coughing, vomiting, severe eye irritation and a feeling of suffocation.
People awakened by these symptoms fled away from the plant. Those who
ran inhaled more than those who had a vehicle to ride. Owing to their
height, children and other people of shorter stature inhaled higher
concentrations. Many people were trampled trying to escape.
- Thousands of people had succumbed by the morning hours. There
were mass funerals and mass cremations as well as disposal of bodies in
the Narmada river. 170,000 people were treated at hospitals and
temporary dispensaries. 2,000 buffalo, goats, and other animals were
collected and buried. Within a few days, leaves on trees yellowed and
fell off. Supplies, including food, became scarce owing to suppliers'
safety fears. Fishing was prohibited as well, which caused further
- A total of 36 wards were marked by the authorities as being "gas
affected", affecting a population of 520,000. Of these, 200,000 were
below 15 years of age, and 3,000 were pregnant women. In 1991, 3,928
deaths had been certified. Independent organizations recorded 8,000
dead in the first days. Other estimations vary between 10,000 and
30,000. Another 100,000 to 200,000 people are estimated to have
permanent injuries of different degrees.
- It is estimated that 20,000 have died since the accident from
gas-related diseases. Another 100,000 to 200,000 people are estimated
to have permanent injuries.
- The quality of the epidemiological and clinical research varies.
Reported and studied symptoms are eye problems, respiratory
difficulties, immune and neurological disorders, cardiac failure
secondary to lung injury, female reproductive difficulties and birth
defects among children born to affected women. Other symptoms and
diseases are often ascribed to the gas exposure, but there is no good
research supporting this.
- There is a clinic established by a group of survivors and
activists known as Sambhavna. Sambhavna is the only clinic that will
treat anybody affected by the gas, or the subsequent water poisoning,
and treats the condition with a combination of Western and traditional
Indian medicines, and has performed extensive research.
- Union Carbide as well as the Indian Government long denied
permanent injuries by MIC and the other gases. In January, 1994, the International
Medical Commission on Bhopal (IMCB) visited Bhopal to investigate
the health status among the survivors as well as the health care system
and the socio-economic rehabilitation.
- The reports from Indian Council of Medical Research
were not completely released until around 2003.
- For a review of the research on the health effects of the Bhopal
disaster, see Dhara & Dhara (2002).
from Union Carbide
- The Government of India passed the Bhopal Gas Leak Disaster Act
that gave the government rights to represent all victims in or outside
- UCC offered US$ 350 million, the insurance sum.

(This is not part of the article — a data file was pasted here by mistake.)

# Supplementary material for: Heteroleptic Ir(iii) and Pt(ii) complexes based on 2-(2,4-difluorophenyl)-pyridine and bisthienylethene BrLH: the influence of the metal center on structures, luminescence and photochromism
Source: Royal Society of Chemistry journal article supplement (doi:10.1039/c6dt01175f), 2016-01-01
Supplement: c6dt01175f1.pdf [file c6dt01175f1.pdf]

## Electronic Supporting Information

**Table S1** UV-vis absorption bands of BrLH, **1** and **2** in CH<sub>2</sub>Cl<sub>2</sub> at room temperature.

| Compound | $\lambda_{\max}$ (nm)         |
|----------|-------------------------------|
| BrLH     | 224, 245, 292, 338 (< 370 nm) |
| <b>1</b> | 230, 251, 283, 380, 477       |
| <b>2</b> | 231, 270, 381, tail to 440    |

The Government of India claimed US$ 3.3 billion from UCC.
In 1999, a settlement was reached under which UCC agreed to pay US$470
million (the insurance sum, plus interest) in a full and final
settlement of its civil and criminal liability.
- When UCC wanted to sell its shares in UCIL, it was directed by
the Supreme Court to finance a 500-bed hospital for the medical care of
the survivors. Bhopal
Memorial Hospital and Research Centre (BMHRC) was inaugurated in
1998. It was obliged to give free care for survivors for eight years.
- After the accident, no one under the age of 18 was registered.
The number of children exposed to the gases was at least 200,000.
- Immediate relief was decided two days after the tragedy.
- Relief measures commenced in 1985 when food was distributed for a
short period and ration cards were distributed.
- Widow pension of the rate of Rs 200/per month (later Rs 750) was
- One-time ex-gratia payment of Rs 1,500 to families with monthly
income Rs 500 or less was decided.
- Each claimant was to be categorised by a doctor. In court, the
claimants were expected to prove "beyond reasonable doubt" that death
or injury in each case was attributable to exposure. In 1992, 44
percent of the claimants still had to be medically examined.
- From 1990 interim relief of Rs 200 was paid to everyone in the
family who was born before the disaster.
- The final compensation (including interim relief) for personal
injury was for the majority Rs 25,000 (US$ 830). For death claim, the
average sum paid out was Rs 62,000.
- Effects of interim relief were more children sent to school, more
money spent on treatment, more money spent on food, improvement of
- The management of registration and distribution of relief showed
- In 2007, 1,029,517 cases were registered and decided. Number of
awarded cases were 574,304 and number of rejected cases 455,213. Total
compensation awarded was Rs.1,546.47 crores.
- Because of the smallness of the sums paid and the denial of
interest to the claimants, a sum as large as Rs 10 billion is expected
to be left over after all claims have been settled.